Scott Rall: There's really no such thing as safe ice
The Internet is all abuzz the past few weeks with photos of cars and trucks at the bottom of area lakes. Lake Shetek had several vehicles fall through the ice about two weeks ago.
I decided to call up the area conservation officer, Andrew Dirks, to get his take on ice conditions and other issues he sees during the hard water periods.
As usual, we started out with the fact that it takes four inches of good ice to support foot traffic. It takes 6-7 inches of good ice to support ATVs and side-by-sides. Small cars need about 7-12 inches and full-size trucks need 12 inches or more of ice to be considered reasonably safe.
Remember, there is no such thing as safe ice. There is a big difference between good ice and marginal ice.
Good ice is dense and clear. When cutting a hole, it comes off in sharp crystals. Poor ice is milky, like melted and refrozen slush. Officer Dirks pointed out that with all of the warm/cold/rainy weather we had mixed into the past three weeks, ice conditions are not anywhere normal for this time of year.
I am about as scared a cat as you can be when it comes to ice travel, and even I had a close call last week. I went back to a spot where I had set a spearing house 10 days earlier. I had marked the large hole with a branch to keep others from walking into or driving across the area that was recently opened.
This is not required by law, but any ethical sportsman will look out for other lake users.
The hole was about 3 feet by 5 feet. I shoveled the snow off the area and figured I would open the same hole as the ice would not be as thick as the surrounding ice.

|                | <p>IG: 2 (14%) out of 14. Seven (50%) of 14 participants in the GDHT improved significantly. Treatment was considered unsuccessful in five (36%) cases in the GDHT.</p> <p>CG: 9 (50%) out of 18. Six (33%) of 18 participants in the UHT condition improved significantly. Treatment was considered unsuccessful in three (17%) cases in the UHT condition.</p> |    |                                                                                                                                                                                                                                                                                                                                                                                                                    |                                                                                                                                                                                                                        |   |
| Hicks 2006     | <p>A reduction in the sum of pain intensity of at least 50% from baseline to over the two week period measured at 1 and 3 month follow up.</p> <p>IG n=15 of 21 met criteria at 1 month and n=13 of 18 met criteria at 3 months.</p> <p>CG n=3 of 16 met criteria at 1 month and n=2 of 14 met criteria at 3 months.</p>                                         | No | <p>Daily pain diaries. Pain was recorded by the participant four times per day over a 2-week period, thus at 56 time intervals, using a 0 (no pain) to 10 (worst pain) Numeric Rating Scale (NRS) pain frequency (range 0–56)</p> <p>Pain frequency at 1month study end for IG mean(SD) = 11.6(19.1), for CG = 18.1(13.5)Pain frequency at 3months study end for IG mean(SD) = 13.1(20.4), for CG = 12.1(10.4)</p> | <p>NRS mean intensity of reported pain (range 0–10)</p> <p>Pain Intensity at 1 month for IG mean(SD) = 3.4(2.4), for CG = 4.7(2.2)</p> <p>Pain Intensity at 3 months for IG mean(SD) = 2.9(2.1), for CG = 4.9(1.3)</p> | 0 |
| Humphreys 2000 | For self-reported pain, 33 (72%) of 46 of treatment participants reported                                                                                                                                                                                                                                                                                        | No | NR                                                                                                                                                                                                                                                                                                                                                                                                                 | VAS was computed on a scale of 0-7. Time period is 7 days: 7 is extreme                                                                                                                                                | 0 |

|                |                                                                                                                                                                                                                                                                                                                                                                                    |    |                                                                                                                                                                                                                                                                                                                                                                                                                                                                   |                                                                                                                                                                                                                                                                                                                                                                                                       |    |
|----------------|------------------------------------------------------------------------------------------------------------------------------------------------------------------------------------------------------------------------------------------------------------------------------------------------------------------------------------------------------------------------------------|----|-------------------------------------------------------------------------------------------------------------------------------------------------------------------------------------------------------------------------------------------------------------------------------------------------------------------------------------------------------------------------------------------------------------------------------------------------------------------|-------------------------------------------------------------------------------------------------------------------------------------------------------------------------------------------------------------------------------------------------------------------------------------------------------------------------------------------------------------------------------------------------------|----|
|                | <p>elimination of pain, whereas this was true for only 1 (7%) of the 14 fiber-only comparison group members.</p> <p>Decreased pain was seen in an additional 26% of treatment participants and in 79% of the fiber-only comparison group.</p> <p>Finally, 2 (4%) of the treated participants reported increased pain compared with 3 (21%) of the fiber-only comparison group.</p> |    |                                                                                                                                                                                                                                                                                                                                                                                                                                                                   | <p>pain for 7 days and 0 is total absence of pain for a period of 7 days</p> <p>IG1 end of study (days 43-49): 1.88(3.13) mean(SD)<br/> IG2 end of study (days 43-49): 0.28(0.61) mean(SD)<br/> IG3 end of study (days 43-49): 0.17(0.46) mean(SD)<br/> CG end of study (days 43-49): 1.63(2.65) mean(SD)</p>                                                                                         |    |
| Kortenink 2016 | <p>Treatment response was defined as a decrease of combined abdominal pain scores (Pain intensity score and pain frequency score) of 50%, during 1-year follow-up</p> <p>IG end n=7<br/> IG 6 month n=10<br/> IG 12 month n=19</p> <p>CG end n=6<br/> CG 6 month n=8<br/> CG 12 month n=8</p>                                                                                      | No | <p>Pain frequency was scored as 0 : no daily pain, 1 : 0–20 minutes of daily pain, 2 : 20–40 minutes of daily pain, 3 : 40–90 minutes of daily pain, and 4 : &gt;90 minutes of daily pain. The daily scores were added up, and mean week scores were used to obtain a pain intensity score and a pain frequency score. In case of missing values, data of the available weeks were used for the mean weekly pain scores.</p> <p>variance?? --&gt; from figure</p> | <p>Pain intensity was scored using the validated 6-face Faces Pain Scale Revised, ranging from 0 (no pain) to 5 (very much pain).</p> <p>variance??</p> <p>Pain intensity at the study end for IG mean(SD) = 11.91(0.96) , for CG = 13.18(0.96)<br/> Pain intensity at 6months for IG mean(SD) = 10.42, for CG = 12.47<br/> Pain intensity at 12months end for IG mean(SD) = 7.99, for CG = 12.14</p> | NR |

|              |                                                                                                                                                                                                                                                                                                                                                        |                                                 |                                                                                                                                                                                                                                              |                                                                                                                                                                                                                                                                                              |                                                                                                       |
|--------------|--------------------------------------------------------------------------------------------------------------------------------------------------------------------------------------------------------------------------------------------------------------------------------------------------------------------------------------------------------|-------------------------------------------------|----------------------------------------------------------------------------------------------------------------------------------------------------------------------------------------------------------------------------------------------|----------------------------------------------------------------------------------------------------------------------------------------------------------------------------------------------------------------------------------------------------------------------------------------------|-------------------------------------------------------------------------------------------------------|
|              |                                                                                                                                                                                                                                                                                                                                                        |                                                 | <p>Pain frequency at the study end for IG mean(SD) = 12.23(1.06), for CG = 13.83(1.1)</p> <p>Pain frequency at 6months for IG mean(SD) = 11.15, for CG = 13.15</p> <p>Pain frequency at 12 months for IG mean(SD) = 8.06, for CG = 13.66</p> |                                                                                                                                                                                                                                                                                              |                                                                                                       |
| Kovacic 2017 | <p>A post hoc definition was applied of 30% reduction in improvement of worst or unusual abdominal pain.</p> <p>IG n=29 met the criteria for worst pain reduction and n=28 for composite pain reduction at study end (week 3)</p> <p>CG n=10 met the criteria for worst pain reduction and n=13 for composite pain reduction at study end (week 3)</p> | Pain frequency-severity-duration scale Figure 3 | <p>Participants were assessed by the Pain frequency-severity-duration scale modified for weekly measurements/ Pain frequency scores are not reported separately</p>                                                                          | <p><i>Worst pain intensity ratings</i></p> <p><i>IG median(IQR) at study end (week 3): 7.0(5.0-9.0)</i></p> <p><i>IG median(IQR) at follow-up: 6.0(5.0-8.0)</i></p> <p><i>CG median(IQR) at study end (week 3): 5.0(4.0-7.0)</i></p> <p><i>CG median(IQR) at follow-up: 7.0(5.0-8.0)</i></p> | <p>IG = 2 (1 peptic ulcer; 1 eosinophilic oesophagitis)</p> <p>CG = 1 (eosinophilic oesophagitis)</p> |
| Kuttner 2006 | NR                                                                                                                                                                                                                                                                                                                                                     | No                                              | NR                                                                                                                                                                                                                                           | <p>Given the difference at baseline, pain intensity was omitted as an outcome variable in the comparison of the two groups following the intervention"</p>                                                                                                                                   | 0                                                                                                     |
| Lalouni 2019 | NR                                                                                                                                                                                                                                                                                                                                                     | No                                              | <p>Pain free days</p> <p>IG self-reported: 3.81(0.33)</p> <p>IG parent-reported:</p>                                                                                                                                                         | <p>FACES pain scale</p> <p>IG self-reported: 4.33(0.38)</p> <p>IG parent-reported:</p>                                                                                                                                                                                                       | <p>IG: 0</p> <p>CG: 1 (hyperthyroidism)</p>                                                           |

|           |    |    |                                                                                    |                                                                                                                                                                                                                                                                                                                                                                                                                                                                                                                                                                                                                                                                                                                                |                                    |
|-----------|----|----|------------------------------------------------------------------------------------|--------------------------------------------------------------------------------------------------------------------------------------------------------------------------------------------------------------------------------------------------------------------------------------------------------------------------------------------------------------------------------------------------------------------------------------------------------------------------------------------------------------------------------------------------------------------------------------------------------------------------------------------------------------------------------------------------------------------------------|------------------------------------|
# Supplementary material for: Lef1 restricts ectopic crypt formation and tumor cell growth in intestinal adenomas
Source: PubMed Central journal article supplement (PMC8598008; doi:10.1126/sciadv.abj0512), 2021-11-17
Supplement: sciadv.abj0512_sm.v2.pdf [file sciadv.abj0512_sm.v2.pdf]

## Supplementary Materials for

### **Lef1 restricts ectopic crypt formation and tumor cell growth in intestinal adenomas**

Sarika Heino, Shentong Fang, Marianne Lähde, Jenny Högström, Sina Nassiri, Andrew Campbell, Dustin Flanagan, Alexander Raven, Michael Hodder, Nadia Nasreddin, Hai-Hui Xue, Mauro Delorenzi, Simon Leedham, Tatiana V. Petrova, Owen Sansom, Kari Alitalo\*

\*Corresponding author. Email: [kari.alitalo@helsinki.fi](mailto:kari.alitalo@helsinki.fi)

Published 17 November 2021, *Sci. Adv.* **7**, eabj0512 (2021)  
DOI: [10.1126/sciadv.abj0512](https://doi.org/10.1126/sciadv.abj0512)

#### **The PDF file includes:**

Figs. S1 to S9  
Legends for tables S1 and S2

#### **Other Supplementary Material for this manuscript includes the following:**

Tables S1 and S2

It had been 10 days earlier and the ice was about 10 inches thick the first time. I started the auger and drilled a hole and found myself standing on only two inches of ice. I knew it would not be 10 inches thick, but I surely thought it would be at least five inches.
I was so wrong. I escaped a dangerous situation but it set me back about 200 percent toward even more caution when on the ice.
We then discussed the licensing of different kinds of angling or spearing houses. Any hard-sided house needs a shelter license even if it’s not left on the ice overnight. If a house of any kind has a period of un-occupation then it needs a shelter license. A portable tent type house does not need a license if it is not left unattended or let standing on the ice overnight.
In addition to less than great ice thickness conditions, there are pressure ridges on many area lakes. Lake Okabena has one off the northwest shore.
Some good Samaritan just saved a full dog that fell through the ice at a pressure ridge site. Never ever drive over a pressure ridge.
East Graham Lake was reported to have pretty good ice on the south end (about 10 inches) but as little as 3-4 inches up on the north end past the county park. I had had many reports of ice anglers seeing 10 inches of ice turn to three inches of ice in a distance of only about 50 feet. My saying about ice travel has always been, “I won’t go anywhere that at least 50 other people have not gone before me.” Even with this as my motto I still almost had a screw-up.
Many anglers travel by ATV or side-by-side. Officer Dirks mentioned that those types of recreational vehicles’ license tabs expire in December. He has seen many expired plates.
Don’t let this be one of you. Your boat most likely expired that same month as well. Officer Dirks was also notified that the aeration systems on Indian Lake and Round Lake are now in operation and several others will most likely be starting soon.
With all of the uncertainties we face this winter season, use an abundance of caution when traveling on the ice. Remember to pick up your trash and that of others who don’t act the way they should.
Outdoor winter recreation is a Minnesota mainstay. Enjoy your time outdoors, just do it in a way that will allow you to enjoy it for 50 more years.